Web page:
Lent begins this year on Ash Wednesday March 2, 2022, which is 46 days before Easter Sunday. Our English word “lent” comes from the Old English word lencten, meaning spring season. Contemporary Dutch still uses the word lente for springtime. 

Our season of Lent as a penitential/personal renewal time prior to the arrival of Easter Sunday was created at the Council of Nicea in 325. It commemorates the 40 days Jesus spent fasting in the desert, according to the Gospels of Matthew, Mark, and Luke, before beginning his public ministry.

The carnival celebrations which in many cultures traditionally precede Lent are seen as a last opportunity for excess before Lent begins. Some of the most famous are the Cologne Carnival in Germany, the New Orleans Mardi Gras, and the Rio de Janeiro carnival. 

Last week, in my Truth Decay column, I wrote about the need for ongoing education about theological history and biblical studies. A friend asked me about the origin of the seven sacraments. He had seen a video about the sacraments by Bishop Robert Barron of Los Angeles, noting that the Catechism of the Catholic Church teaches that “Christ instituted the sacraments of the new law. There are seven: Baptism, Confirmation (or Chrismation), the Eucharist, Penance, the Anointing of the Sick, Holy Orders and Matrimony.” (Catechism of the Catholic Church 1210)

So for Lent 2022 I would like to explore the history and contemporary significance of “the seven sacraments.” I hope you will find it an interesting and worthwhile historical journey. As I have said before, our understandings do change. Church doctrines and theological understandings do change. Some have to change. Catholic sacramental doctrines are still shaped by the viewpoint of medieval Aristotelian Scholasticism.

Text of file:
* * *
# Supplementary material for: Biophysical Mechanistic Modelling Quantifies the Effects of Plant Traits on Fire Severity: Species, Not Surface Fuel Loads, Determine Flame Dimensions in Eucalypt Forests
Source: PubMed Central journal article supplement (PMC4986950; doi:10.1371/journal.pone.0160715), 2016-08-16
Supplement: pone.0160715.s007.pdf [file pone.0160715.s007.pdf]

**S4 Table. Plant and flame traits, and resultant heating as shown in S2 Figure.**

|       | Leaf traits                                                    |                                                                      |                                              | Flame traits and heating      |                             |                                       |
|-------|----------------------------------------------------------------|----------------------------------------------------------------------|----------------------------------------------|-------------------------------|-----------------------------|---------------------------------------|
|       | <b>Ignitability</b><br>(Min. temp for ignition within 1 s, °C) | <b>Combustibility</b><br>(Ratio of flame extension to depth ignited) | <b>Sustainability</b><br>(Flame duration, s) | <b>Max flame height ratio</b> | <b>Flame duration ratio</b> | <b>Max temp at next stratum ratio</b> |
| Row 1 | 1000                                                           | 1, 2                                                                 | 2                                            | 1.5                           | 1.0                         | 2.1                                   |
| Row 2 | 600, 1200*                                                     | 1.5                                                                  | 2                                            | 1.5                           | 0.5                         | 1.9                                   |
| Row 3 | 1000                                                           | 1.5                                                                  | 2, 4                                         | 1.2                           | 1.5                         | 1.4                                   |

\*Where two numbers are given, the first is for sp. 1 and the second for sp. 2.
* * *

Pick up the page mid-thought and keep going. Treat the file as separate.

Yesterday, looking at the sun on a cold wintry day, I was thinking…astronomers, looking at the sun in the early middle ages, invented an explanation that made sense based on what they saw in the sky by day and by night. The idea that the earth was stationary, that the sun and moon were round bodies that circled the earth, and that the stars were lights affixed to the “heavens” made sense to everyone. 

In the early seventeenth century, however, when Galileo Galilei (1564-1642) and a small group of astronomers turned telescopes towards the “heavens,” more accurate observations could be made. The geocentric model of the “heavens” was first questioned, then discredited, and finally replaced with a heliocentric model that put the sun at the center and made the earth one of the planets. Later observations of course have revealed that we live in an immense universe of planets, stars, and galaxies.  In our galaxy, the Milky Way, there are at least an estimated 100 billion planets. Discoveries continue.

Today our historical-theological telescopes are observing old doctrines and theological understandings. Our eyes look at the past but are really focused on today. The changing world. 

My initial interest in sacramental theology came from my old professor, Edward  Schillebeeckx (1914 – 2009) – in his classes and his monumental 1963 book Christ the Sacrament of the Encounter with God. Schillebeeckx, who was truly my mentor, opened my eyes and cleared my vision.